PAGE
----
Flo the Falcon, one of the peregrine chicks that fledged from the Cathedral Tower in 2021, has been spotted 90 miles away from home as the crow flies, in Hertford, Hertfordshire.
British Trust for Ornithology (BTO) ringer, Nigel Jones contacted the Cathedral peregrine team to let them know that Flo (named for Florence Nightingale to mark the work of the NHS during the pandemic) had taken up residence on some prime real estate in the centre of the Hertfordshire county town.
Pictures of Flo captured on 16 September by Kevin Garrett and 17 September by Rose Newbold plus a subsequent sighting by birdwatcher Tracey Burrows, all indicate that Flo has moved onto All Saints Church Tower. She was identified by her orange colour ring with the initials TND.
There were other potential sighting earlier in the year, in May, two miles down the road in the Lee Valley area.
According to local Hertfordshire BTO ringer Barry Trevis, Flo also has a mate and is the right age to start breeding. He has installed a nesting tray on the church to encourage the peregrine pair to settle. So, watch this space – or nestbox – maybe next year Flo the Falcon will lay her first clutch.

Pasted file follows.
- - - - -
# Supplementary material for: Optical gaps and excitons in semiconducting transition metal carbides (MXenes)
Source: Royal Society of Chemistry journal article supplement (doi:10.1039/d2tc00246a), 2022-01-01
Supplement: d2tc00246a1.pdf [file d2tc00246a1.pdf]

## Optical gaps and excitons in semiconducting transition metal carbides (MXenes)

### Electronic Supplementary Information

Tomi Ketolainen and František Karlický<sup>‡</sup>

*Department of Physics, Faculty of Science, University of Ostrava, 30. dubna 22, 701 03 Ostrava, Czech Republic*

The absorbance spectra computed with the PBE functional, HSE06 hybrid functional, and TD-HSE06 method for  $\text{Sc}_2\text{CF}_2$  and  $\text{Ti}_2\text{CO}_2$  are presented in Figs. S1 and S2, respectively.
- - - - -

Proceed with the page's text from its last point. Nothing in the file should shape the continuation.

Flo’s mate is ringed with a metal ring but does not carry a colour ID ring. The metal rings are somewhat harder to read from afar.
This is not the first time Flo has been in the news. In 2021 her first attempt at fledging on 6 June 2021 ended with a crash landing in the Salisbury Museum café gardens. Luckily Kate Barker, one of the Museum staff, called in the Cathedral Peregrine team – Nature Conservation Adviser Phil Sheldrake and Clerk of Works Gary Price – and was on hand to photograph and film Flo’s ‘rescue’. The fledgling was duly returned to the Tower balcony to start all over again.
Flo is not the only Cathedral peregrine to have been spotted ‘abroad’ in the last few years:
Nigel Jones, who rings the Cathedral falcons, said: “It is great to see the colour ring system working so well. It allows us to discover where the fledglings go and whether they survive. Around 70% of young peregrines die in their first year, so every success story is welcome.”
The Salisbury peregrines usually settle on the Cathedral’s South Tower balcony around March, but are often in evidence during the winter months, just keeping an eye on things. So far 27 chicks, including once adopted orphan chick, have fledged from the Tower since 2014, when the peregrines returned after an absence of just over 60 years.